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Taking a Good Approach at the Plate

As coaches, we have all see hitters who overachieve and underachieve their mechanics and physical abilities at the plate.  We cannot, for the life of us, figure out why the kid who absolutely crushes the ball in the cage, has solid mechanics, and a quick bat hits 50 points lower than the kid who looks far less impressive in the cage, has slower hands, and questionable mechanics.  If this is the case, look no further than pitch selection and plate approach.


We often hear coaches reminding players to have a proper approach at the plate, but what exactly does that mean?  A good approach at the plate means different things depending on the age level you are coaching.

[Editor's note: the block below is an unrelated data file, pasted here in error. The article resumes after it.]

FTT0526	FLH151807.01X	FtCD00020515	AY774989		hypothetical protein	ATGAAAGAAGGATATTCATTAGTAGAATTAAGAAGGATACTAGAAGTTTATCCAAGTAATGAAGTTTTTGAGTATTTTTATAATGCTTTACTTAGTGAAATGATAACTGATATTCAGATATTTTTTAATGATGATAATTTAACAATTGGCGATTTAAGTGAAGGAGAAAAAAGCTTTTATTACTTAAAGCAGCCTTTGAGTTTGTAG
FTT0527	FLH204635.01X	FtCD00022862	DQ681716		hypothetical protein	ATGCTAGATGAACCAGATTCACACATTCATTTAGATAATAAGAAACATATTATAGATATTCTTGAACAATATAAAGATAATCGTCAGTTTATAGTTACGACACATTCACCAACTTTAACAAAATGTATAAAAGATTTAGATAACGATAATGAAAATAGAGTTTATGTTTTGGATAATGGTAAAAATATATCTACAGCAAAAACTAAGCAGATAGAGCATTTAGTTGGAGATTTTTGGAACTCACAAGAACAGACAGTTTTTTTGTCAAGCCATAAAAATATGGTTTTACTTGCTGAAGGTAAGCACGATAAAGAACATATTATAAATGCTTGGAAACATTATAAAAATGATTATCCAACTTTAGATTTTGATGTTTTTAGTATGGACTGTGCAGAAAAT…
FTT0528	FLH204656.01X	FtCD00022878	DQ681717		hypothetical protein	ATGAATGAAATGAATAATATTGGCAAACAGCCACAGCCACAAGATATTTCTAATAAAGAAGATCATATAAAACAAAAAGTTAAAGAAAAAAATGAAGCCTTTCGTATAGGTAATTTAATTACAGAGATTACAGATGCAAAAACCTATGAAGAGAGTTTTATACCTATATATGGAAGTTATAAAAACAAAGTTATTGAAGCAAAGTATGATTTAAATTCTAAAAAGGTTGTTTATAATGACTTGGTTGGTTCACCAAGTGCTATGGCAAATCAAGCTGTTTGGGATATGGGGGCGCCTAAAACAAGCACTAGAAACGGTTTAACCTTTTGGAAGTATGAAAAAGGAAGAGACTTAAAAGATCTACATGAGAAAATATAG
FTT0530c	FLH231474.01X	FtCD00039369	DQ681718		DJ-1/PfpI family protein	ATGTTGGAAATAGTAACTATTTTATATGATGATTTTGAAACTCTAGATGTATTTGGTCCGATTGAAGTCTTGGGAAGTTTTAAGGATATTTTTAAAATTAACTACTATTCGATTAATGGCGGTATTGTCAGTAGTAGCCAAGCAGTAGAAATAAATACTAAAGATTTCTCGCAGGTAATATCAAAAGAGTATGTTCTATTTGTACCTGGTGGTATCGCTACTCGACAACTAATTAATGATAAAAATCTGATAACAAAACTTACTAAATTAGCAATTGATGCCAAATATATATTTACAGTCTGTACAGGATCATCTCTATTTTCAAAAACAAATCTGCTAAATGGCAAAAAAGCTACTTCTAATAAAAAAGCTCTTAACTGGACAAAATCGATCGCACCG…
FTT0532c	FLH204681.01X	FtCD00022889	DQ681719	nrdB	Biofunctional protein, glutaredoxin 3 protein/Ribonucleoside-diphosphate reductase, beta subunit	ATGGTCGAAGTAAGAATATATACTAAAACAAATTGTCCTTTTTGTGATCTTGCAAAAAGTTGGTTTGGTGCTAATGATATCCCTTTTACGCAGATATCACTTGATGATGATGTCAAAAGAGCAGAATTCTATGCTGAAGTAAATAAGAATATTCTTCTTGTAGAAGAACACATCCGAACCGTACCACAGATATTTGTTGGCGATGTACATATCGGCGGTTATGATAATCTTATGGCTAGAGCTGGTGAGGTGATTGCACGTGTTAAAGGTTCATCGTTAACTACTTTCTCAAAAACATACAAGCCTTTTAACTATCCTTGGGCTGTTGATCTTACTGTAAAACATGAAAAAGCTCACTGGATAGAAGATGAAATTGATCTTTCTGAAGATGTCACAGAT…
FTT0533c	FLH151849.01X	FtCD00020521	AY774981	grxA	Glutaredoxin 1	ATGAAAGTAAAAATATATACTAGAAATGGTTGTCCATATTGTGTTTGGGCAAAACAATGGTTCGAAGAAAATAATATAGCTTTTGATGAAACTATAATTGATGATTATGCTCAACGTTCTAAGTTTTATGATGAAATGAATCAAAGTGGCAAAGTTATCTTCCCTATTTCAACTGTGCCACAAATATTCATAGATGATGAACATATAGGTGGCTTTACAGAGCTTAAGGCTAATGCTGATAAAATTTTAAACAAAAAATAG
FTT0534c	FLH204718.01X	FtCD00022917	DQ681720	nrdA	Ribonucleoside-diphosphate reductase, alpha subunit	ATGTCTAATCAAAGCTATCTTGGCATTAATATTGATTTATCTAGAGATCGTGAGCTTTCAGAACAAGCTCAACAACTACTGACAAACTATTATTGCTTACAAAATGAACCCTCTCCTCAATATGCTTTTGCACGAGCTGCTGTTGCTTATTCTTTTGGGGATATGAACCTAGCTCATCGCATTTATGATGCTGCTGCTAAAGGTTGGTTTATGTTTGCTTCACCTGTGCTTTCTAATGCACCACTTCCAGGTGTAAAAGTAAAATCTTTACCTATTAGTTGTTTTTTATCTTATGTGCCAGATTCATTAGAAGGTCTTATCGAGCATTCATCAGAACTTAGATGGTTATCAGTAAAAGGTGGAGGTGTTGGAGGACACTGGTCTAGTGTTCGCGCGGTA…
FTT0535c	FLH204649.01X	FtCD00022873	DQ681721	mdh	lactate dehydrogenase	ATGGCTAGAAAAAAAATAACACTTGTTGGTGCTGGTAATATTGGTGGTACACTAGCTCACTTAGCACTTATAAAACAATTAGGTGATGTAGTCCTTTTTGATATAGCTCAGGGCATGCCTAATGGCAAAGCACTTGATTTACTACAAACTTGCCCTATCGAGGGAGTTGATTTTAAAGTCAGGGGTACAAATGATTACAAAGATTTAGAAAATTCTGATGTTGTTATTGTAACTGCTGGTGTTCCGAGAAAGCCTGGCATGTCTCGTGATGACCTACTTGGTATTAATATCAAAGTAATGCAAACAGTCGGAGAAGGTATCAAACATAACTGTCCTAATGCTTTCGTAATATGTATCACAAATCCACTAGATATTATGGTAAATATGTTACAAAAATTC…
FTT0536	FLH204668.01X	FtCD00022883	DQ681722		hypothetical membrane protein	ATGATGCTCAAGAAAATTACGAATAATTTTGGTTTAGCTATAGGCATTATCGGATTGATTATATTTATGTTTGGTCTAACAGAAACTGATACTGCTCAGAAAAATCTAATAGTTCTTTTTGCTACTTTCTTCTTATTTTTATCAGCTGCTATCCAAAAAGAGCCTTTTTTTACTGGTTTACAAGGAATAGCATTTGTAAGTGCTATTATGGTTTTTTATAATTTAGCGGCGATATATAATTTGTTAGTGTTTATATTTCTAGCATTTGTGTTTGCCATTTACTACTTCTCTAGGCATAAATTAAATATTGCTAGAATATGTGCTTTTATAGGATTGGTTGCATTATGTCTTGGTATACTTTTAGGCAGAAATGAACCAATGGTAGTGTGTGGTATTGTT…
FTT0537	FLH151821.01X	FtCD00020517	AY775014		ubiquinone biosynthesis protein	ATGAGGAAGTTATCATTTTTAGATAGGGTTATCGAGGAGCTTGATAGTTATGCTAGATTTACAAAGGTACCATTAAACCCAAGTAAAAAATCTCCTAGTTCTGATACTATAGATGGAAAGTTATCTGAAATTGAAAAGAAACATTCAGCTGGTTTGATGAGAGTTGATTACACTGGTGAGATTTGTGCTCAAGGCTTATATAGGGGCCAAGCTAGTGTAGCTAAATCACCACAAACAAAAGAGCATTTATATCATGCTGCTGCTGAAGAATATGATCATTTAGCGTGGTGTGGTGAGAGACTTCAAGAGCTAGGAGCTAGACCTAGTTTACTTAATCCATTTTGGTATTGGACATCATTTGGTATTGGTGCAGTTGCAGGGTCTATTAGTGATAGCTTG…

Basic Levels

At the most basic levels, a proper approach simply means getting a good pitch to hit in any count and not swinging at pitches far out of the strike zone.  Pitchers may not be changing speeds very much, and certainly are not locating pitches very well below the age of 12.  At this age level simply emphasize getting a good pitch to hit and protecting the the strike zone with two strikes.


Advanced Levels

Once pitchers begin to chance speeds and locate pitches, the concept of taking a quality at bat changes quite a bit.  The goal at this level is still to get a good pitch to hit, but the concept of a “good pitch” needs to be refined.  The toughest idea to get across to your players is that not every fastball that is a strike is also a good pitch to hit.  For example, a 0-0 fastball on the outside corner is not a good pitch to hit.  If the hitter swings at it, they will most likely get themselves out.  If they take it, the they are now down 0-1.  You would much rather have your hitter down 0-1 than sitting in the dugout.  Similarly, unless they are a very good breaking ball hitter (which few kids under 18 are), they should lay off most curveballs with fewer than two strikes.